The Lonely Mechanist
January 5, 2012
This is a piece I’m rather proud of. It’s a but autobiographical and it’s inspired by a myth, but I think it’s rather beautiful in its own way.
This is Pygmalion.
In an old shop in the old world in an old town sat an old man. While he did not grow up here, he was known here, and while he did not grow old here, he was loved here. He was a machinist, a toymaker, a wonder-creator, and a storyteller. To children he was their dearest adult, and to adults he was their oldest child. He sat there, in his old shop in the old town in the old world, and he placed his frail tea cup down with shaking hands, stood, and stretched. Thunderous cracks ran through his body and he sighed as he straightened out, feeling all of those cracks smooth out until he stood straight.
He peered at himself in the mirror, taking stock of what he saw there. Mussed hair as long as three times a man’s hand, goggles hung loosely around his neck. He wore a tattered leather apron over a yellowed shirt and old black pants, held up by threadbare suspenders and worn buttons. Around his waist, a tool belt, askew and covered in dust and grime from working on the wonders of his shop, covered with pouches and boxes and tools and one great ring with but a few keys on it. His feet protected by old creaky leather boots, just like his old creaky leathered skin, and old creaky leather gloves.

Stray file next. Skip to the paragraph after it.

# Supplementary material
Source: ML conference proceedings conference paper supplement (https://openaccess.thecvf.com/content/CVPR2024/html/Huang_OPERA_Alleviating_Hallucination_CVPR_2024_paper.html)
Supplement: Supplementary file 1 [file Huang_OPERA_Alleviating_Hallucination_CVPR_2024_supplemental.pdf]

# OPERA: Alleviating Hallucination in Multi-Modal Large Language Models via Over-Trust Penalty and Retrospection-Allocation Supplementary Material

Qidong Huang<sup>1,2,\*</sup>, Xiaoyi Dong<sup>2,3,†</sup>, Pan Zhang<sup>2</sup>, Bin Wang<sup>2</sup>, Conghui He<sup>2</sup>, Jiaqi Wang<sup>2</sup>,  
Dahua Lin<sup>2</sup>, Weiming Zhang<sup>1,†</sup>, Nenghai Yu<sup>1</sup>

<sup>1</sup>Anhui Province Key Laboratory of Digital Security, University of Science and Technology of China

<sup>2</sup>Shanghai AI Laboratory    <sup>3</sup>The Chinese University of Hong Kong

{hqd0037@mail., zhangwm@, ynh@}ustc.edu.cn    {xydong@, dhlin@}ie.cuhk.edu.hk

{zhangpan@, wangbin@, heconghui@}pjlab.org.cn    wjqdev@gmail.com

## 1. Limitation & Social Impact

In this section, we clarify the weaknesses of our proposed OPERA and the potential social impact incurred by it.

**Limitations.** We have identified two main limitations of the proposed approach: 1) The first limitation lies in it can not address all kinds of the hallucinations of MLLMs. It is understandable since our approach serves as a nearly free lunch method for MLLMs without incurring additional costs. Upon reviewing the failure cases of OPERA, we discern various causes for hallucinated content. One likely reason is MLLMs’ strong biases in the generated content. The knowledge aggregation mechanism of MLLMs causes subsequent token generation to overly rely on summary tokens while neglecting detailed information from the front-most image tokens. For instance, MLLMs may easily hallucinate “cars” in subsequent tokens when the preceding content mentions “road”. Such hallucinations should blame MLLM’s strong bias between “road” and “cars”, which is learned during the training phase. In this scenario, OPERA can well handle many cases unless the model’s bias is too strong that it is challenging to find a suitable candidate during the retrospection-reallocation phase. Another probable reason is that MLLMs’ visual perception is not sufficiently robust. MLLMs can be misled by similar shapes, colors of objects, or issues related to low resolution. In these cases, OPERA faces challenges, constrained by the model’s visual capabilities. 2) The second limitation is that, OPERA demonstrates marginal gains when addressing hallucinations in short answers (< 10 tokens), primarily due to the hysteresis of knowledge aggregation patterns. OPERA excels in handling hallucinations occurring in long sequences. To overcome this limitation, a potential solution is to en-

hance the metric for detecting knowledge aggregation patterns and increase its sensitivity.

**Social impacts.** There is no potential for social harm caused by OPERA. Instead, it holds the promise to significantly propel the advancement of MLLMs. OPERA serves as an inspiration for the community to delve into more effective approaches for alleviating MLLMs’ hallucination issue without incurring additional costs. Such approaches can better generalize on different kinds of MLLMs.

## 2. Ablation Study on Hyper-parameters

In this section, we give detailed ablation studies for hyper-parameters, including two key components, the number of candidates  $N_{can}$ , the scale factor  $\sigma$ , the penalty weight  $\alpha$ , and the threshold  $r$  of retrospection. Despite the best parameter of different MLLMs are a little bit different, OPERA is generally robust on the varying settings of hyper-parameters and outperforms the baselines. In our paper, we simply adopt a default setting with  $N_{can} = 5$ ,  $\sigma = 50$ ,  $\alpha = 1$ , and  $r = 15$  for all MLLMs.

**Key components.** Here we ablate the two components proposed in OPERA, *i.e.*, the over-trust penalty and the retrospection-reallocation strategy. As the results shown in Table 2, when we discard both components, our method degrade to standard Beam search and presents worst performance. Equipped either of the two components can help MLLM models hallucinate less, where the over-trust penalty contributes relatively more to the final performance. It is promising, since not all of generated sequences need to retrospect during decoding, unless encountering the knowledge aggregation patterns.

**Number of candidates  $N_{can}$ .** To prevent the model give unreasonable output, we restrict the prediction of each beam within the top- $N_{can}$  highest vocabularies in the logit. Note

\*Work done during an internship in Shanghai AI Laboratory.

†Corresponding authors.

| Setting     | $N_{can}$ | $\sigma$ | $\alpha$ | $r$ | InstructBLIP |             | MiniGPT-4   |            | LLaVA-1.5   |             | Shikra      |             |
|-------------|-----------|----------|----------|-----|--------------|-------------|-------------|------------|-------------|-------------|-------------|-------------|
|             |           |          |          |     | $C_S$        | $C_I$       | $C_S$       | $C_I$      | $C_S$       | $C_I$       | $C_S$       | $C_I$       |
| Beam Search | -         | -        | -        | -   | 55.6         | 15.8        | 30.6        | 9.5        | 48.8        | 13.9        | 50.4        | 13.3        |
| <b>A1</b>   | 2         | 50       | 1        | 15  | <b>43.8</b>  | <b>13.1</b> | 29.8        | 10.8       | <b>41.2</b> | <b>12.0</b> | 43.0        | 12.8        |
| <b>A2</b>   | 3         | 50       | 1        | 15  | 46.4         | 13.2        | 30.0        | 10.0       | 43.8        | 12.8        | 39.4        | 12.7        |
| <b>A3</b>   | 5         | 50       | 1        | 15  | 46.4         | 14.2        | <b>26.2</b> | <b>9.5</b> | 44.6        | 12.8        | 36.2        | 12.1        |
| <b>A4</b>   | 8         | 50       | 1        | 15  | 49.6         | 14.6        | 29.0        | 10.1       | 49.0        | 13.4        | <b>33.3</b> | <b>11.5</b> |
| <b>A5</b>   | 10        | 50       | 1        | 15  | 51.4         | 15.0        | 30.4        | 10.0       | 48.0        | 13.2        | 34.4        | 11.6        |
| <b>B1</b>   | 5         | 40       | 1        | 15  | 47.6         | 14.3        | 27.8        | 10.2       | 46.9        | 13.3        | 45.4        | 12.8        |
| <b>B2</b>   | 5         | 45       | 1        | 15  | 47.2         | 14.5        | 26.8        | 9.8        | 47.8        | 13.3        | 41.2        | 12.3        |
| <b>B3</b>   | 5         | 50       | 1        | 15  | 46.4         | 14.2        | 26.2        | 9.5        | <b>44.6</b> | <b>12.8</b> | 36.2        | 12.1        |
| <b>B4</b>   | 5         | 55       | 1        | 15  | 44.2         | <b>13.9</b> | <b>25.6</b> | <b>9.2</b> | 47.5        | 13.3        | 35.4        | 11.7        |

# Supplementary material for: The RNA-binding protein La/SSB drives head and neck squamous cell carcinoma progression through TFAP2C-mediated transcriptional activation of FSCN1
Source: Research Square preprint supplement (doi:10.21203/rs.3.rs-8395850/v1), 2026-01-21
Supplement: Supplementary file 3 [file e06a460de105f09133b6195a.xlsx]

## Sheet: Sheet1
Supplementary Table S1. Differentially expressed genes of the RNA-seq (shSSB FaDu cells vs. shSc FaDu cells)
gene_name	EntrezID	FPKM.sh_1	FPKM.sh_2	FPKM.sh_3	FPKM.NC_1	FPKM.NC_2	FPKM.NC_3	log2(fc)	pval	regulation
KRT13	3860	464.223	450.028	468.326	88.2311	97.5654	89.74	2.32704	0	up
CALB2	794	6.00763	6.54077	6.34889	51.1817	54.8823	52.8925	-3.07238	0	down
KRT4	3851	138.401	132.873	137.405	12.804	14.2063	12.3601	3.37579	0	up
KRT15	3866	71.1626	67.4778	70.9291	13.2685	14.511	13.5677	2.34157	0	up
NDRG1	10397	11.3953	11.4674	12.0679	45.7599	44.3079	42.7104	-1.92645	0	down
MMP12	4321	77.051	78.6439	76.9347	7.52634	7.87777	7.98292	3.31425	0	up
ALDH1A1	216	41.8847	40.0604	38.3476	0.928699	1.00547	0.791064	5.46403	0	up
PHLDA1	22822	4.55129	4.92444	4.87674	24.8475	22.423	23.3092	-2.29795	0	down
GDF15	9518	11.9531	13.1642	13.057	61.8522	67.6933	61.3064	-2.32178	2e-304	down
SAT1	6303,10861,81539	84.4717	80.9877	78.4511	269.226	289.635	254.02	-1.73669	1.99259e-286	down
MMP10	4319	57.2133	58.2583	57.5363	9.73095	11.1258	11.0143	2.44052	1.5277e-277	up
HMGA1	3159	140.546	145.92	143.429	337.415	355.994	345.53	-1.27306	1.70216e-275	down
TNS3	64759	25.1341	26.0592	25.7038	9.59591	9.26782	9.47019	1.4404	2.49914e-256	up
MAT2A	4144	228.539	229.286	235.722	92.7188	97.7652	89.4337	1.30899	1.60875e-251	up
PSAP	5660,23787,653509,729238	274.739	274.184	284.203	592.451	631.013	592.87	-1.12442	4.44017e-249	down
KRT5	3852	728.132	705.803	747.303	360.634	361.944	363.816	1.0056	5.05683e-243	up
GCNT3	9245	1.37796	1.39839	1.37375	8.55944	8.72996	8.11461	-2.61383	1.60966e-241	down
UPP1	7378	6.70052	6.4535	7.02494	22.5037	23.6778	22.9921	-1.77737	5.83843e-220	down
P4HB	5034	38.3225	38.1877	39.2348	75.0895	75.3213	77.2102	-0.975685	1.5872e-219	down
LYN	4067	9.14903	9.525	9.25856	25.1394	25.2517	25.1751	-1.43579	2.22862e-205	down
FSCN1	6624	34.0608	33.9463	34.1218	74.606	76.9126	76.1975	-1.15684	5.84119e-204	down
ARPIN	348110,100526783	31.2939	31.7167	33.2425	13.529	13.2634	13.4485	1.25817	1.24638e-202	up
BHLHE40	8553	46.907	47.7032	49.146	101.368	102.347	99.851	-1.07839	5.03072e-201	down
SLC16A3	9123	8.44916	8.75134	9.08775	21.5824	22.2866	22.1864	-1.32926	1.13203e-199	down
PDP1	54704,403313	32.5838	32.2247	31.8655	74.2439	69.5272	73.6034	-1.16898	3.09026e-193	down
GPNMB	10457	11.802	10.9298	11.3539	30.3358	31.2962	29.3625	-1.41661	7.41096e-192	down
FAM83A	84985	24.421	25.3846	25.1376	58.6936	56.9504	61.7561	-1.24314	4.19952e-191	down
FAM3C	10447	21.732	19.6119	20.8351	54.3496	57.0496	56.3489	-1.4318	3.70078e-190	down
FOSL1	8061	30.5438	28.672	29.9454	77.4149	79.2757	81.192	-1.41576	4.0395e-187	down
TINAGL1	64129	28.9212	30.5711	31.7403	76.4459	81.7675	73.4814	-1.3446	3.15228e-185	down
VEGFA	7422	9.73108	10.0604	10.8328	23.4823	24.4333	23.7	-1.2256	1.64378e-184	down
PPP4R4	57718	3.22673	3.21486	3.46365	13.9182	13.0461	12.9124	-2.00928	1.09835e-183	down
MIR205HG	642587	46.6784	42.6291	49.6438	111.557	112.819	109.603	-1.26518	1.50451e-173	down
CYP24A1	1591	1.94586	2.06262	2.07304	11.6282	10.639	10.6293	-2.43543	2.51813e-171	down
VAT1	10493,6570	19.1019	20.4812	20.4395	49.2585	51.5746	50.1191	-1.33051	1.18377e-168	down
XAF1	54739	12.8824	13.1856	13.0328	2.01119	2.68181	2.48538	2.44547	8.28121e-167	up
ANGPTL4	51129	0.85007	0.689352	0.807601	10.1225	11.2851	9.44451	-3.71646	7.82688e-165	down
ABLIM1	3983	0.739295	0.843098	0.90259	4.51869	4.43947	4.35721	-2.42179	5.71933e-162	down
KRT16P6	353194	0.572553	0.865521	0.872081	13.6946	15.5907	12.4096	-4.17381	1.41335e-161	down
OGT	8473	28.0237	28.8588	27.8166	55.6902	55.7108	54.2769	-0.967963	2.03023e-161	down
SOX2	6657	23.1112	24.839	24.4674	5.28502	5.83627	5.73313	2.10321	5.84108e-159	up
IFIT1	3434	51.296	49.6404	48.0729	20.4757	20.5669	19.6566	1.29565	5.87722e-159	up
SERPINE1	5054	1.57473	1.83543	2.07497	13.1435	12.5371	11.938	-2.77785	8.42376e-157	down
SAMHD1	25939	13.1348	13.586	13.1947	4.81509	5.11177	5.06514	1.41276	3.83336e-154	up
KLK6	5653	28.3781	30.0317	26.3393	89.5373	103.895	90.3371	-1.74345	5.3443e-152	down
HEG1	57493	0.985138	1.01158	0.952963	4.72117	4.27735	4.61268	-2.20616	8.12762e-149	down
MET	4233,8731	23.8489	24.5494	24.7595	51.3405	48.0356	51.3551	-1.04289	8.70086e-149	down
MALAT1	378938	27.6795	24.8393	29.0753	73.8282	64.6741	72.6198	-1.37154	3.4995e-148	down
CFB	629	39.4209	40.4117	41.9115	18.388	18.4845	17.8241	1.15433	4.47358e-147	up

Grumbling softly to himself, he gathered up his cane and gently moved back into his old shop. He walked through the front room where he met people, through his kitchen and toyshop where he fashioned the things he sold and shared with his customers. He walked through his bedroom, where he slept briefly between days. He walked through the twisting, sinking library full of his gathered knowledge and wisdom, filed away in a fashion that only he could comprehend. He went through his workshop, where he experimented with problems that he solved in his toyshop. He went through a small museum he tended, a museum of his greatest toys and most wonderful stories. He came to a small wooden door with a humble brass plaque that said on it, simply, “Pygmalion.”
He scooped up his ring of keys and found one long, fanged metal key of incomprehensible design and largely absurd creation. Slowly he pushed the key into the slot on the door and twisted, then waited as a long chorus of gears and clasps and locks and chains finished before pushing the small door open into a tiny antechamber with a handful of beautiful metal dancing dolls, as large as any mortal dancer, and almost as beautiful. All but one was covered in dust, all but one locked forever in a quiet, beautiful pose. He sat at this one, however, and gently opened the panels that covered it.